A Child Called "It"

I read this book to my freshman reading classes, and they loved it. I chose it because it came so highly recommended, because I already had it on my bookshelf, and because it was short. My intention was to show my kids--who hate reading with every fiber of their beings--that reading can be fun and valuable and interesting. And sometimes, you don't even have to take a test.

I hated the book, hated reading it, hated that I'd tied myself into continuing it.

But my kids ... they LOVED it. For a month, all I'd have to do (most days) was say, "Oh, I guess we won't have time to re--" and they would close their mouths, sit up straight, and smile at me with that creepy Stepford gleam, trying to convince me for just one second that they were model students and they'd never done a single bad thing in all their lives, now COULD I PLEASE READ THE BOOK.

Every non-freshman person who saw this book on my desk would say, without fail, "Ms. Flower, THAT IS SUCH A GOOD BOOK!!!" and they would go into these rapturous summaries about how much they loved it and I would smile my own Stepford-smile and nod politely and grimace behind my eyes.

So here's the thing: I don't like abuse. I mean, that's a given, right? That most people don't like abuse. And I'm not trying to one-up anybody or imply that my emotions are somehow more deeply felt than anyone else's, but seriously ... I CANNOT TAKE IT.

I don't like graphic violence of any kind, and Dave Pelzer describes his abuse in explicit detail with lots of gross-making adjectives and word images that make my stomach hurt. And I had to read them aloud--TWICE--while I tried not to cry or throw up or have a nervous breakdown. Ultimately, I had to divorce myself from the text while reading, so I could just get through it, and then I had to make a conscious effort not to think about it when I finished.

Also--and this is the part that makes me a bad person, probably--I kind of ... it's not that I don't believe that Pelzer was abused, because I do, or that it was as bad as he describes, because it probably was, but the writing seems a little ... calculated. Like each phrase has been chosen specifically for its emotional heft, like he went through the thesaurus and was like, "Oooh! That'll make 'em cry!"

And, while reading aloud, I found myself skipping over a lot of passages, because they were out of place or went on too long. It wasn't even the parts with the descriptions of the abuse, but the parts where he was analyzing his feelings or looking at the sunset or something totally irrelevant to the story. Like all of a sudden he'd gotten a hankering to be "literary," so he stuck in a couple metaphors and big words to satisfy the cultural elite, or the Pulitzer committee.

Is that mean? It feels mean. I don't want to downplay the fact that I'm talking about a kid who had this really awful childhood. But on the other hand, I appreciate good writing and an author who allows me to come to my own conclusions and who doesn't try to manipulate my emotions. I'm sure I could have figured out that his mom was crazy and and his life was horrible without all the extra emotional manipulation. I mean, geez; I'm not stupid.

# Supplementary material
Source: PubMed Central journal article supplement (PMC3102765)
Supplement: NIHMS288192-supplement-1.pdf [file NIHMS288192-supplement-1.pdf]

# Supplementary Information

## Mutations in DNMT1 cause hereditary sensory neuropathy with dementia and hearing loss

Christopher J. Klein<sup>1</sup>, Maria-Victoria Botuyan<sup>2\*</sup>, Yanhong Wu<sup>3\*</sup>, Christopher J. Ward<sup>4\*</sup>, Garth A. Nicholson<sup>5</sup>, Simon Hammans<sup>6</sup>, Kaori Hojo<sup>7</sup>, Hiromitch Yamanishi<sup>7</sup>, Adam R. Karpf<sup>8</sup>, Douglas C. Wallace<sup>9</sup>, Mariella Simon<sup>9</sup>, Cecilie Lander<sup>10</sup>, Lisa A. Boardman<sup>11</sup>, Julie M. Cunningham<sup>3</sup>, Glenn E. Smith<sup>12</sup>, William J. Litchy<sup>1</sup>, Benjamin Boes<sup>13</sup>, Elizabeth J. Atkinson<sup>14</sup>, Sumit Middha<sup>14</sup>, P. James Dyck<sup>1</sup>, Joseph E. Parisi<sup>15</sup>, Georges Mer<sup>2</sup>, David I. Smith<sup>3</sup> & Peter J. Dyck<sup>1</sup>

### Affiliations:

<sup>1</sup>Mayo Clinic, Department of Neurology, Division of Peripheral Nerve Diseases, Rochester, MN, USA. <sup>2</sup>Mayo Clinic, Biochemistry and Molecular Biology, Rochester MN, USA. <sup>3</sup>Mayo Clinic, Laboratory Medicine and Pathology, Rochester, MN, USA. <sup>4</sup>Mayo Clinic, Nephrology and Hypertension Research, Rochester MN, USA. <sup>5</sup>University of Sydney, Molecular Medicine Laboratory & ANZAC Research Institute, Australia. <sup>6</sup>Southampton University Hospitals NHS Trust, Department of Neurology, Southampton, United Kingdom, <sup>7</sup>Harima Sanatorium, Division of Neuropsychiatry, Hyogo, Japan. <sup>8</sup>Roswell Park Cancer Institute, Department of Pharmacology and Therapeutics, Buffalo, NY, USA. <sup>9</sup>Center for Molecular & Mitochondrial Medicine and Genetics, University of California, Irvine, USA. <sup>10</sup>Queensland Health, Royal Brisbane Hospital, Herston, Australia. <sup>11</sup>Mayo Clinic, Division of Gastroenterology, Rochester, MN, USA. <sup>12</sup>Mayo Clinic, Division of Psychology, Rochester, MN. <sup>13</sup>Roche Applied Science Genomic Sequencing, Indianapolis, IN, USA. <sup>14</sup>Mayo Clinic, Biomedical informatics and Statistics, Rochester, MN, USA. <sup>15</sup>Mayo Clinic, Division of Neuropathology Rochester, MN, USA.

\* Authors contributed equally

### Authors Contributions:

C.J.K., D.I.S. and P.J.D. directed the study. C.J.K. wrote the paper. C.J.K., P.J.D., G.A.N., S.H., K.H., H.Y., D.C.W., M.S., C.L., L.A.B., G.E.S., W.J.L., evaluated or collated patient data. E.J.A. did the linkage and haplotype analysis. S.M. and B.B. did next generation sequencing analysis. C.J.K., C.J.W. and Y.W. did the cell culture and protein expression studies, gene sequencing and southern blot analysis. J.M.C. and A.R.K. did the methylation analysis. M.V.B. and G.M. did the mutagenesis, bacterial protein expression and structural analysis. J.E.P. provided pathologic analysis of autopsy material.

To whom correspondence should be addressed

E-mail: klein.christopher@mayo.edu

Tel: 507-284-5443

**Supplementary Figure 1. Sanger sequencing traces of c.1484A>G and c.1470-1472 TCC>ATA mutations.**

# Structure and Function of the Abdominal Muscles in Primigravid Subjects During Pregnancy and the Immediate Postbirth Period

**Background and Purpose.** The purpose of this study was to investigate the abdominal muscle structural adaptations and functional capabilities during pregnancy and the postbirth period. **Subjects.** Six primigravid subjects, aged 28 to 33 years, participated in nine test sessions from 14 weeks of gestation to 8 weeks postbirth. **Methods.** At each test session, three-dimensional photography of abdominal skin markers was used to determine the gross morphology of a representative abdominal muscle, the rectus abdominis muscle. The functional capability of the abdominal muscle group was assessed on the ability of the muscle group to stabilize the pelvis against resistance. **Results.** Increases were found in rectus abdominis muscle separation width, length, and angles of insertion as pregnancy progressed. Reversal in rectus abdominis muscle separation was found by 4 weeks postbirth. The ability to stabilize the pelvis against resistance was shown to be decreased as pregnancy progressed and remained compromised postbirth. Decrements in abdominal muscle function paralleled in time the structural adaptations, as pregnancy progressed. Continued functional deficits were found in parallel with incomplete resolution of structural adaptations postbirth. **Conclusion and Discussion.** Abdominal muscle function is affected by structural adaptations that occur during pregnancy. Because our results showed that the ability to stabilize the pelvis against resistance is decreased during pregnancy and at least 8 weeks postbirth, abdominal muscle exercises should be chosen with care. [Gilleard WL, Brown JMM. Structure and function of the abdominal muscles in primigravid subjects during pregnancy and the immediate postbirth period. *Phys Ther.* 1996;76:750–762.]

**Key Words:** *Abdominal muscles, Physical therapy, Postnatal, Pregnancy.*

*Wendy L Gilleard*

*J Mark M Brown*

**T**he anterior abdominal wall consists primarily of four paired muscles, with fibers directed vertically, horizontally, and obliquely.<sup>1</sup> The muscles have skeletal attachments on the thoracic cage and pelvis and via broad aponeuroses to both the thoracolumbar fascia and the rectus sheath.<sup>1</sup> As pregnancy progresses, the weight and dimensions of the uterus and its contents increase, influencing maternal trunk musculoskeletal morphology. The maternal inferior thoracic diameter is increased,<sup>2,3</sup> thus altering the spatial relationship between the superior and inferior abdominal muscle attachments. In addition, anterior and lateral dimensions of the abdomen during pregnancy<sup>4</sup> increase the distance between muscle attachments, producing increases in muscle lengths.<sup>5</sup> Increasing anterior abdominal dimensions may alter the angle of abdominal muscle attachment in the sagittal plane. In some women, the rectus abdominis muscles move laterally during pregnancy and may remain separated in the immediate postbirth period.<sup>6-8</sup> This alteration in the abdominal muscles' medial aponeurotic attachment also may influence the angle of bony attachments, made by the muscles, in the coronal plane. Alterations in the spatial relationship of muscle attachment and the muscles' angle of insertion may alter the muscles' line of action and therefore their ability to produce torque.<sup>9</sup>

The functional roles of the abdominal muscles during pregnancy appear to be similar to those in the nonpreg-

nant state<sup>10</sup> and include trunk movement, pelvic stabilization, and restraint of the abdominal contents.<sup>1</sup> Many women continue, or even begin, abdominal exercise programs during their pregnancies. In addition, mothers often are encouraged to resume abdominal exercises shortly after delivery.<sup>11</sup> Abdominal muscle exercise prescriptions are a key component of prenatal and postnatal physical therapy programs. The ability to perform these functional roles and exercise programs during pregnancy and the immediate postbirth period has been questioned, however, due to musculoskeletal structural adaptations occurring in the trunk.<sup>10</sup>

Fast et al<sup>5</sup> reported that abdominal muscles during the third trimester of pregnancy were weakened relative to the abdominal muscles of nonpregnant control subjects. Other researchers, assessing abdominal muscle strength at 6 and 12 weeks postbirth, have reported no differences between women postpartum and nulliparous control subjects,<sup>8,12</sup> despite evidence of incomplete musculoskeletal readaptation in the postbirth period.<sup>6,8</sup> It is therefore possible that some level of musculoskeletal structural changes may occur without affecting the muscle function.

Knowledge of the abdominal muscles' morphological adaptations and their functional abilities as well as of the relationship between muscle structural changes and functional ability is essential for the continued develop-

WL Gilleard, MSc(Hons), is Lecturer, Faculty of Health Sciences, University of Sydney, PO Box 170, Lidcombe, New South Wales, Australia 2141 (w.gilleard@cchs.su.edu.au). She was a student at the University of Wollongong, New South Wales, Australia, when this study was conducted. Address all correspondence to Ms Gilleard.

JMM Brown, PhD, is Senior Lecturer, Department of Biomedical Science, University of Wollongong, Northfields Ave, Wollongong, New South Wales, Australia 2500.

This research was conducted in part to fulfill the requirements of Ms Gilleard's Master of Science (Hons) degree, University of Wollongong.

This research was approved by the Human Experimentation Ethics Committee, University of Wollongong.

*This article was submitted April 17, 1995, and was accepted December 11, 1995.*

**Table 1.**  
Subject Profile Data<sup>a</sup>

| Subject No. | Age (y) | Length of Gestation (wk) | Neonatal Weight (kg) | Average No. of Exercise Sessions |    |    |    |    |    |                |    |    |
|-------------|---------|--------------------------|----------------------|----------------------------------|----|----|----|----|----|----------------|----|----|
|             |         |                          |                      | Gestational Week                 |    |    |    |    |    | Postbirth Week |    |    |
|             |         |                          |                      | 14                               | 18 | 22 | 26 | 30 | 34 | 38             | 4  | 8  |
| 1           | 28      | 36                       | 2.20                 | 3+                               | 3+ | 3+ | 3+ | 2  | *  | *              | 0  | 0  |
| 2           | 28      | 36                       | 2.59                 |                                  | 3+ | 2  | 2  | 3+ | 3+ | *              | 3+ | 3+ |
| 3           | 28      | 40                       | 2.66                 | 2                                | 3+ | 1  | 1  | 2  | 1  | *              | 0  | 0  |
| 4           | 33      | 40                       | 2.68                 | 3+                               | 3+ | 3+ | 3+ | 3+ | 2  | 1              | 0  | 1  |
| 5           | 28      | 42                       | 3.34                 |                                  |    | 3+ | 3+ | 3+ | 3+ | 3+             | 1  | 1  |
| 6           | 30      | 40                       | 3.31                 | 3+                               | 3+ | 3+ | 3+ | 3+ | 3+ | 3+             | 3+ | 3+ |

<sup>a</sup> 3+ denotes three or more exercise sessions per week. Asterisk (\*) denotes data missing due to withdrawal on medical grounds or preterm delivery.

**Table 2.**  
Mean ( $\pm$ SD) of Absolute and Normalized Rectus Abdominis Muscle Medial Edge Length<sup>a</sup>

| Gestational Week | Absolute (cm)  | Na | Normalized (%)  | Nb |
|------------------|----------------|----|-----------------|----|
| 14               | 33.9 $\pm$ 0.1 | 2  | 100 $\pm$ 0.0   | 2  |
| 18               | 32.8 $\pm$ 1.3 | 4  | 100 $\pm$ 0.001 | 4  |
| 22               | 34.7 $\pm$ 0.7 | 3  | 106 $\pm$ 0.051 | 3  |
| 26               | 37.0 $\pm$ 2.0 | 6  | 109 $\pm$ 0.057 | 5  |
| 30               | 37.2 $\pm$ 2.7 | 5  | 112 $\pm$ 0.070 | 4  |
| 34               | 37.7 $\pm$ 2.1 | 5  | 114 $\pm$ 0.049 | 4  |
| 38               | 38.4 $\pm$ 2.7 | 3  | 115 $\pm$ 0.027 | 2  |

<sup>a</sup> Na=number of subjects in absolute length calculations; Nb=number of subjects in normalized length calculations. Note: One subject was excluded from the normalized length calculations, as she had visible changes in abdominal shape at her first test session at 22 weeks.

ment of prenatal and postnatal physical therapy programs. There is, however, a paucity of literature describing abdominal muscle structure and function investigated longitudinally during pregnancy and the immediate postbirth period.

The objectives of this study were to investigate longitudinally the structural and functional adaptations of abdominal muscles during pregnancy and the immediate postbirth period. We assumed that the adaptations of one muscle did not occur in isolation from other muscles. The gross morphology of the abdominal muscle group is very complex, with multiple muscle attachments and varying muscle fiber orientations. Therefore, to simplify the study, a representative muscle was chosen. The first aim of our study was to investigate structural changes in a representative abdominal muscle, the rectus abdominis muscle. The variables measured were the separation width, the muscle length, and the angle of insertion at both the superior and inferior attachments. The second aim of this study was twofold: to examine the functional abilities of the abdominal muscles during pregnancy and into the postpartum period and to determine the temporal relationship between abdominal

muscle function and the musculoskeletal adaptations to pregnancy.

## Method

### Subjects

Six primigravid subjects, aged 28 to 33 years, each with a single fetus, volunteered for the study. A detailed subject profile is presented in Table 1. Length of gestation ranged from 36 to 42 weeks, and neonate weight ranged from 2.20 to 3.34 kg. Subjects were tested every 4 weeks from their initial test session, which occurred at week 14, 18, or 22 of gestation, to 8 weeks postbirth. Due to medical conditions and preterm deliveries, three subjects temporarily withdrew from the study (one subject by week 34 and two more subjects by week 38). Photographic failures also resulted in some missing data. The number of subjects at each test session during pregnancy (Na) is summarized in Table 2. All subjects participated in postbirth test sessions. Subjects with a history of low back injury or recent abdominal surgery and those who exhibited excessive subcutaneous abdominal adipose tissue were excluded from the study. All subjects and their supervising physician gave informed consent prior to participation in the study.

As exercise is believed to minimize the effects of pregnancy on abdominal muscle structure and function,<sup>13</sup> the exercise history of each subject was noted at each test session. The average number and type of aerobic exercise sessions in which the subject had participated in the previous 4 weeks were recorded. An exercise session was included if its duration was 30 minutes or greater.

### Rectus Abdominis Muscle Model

Regardless of my personal feelings, I'm really glad my students liked it. It's one of the few things they've shown any interest in all year, and if I have to read TEN books about abused kids, I'd do it, for them.

And then I'd come home and throw up.


Anonymous said...

It sounds like a gut-wrenching book to read (and teach). There's a lot of speculation, however, that the author made this stuff up. (See http://query.nytimes.com/gst/fullpage.html?res=9404E4DE1538F93BA15754C0A9649C8B63, for example.) And no, I don't think your analysis of his writing sounds mean at all.

Anonymous said...

You should read "Running with Scissors." Similar, but written with a great sense of humor, and not so much physical, but emotional abuse. Great, great read!

Mei said...

Marsha - I read that article too, after I finished the book. I don't know what to think about memoirs/autobiographies anymore. Does everybody lie????????

Thanks for the affirmation on the writing. I just felt bad, like, "Well, he went through _____ and now I'm picking on his writing!" Guilt is weird.

Anonymous - I've heard that's a good book. But I think I need a break from the heavy subject matter for a while :)

Anonymous said...

If someone is making money off his or her writing, then that writing shouldn't be spared critical analysis simply because of the author's topic. In this case, there's an author, a publisher, editors (one hopes), marketing people, etc., involved with this book--and they're all making money off of it. So it's a writing endeavor that's put forth for public consumption--and therefore not exempt from scrutiny.

I don't think everyone lies in their memoirs. There are some amazingly good ones out there (I am particularly fond of Kay Redfield Jamison's Unquiet Mind, about her struggle with bipolar disorder; what makes is especially interesting is that she's one of the world's top experts on it professionally). But memoirs are "hot" these days, and publishers (and authors) looking to make a buck and hopefully land on Oprah's couch are often taking ethical shortcuts. Too bad.

I'm just waiting for a publisher or publicist to write a memoir called How I Was Duped by False Memoirs. Heh.

J said...

Ugh. I've heard that book was good (i've even seen a couple of my sixth-graders reading it!) but I have purposely never picked it up. Why in the world would I want to read something so god-awfully depressing?
Same with Running with Scissors--I got about a quarter of the way through it before finally giving up--I just couldn't stomach it. Gack. Sad does not equal funny!


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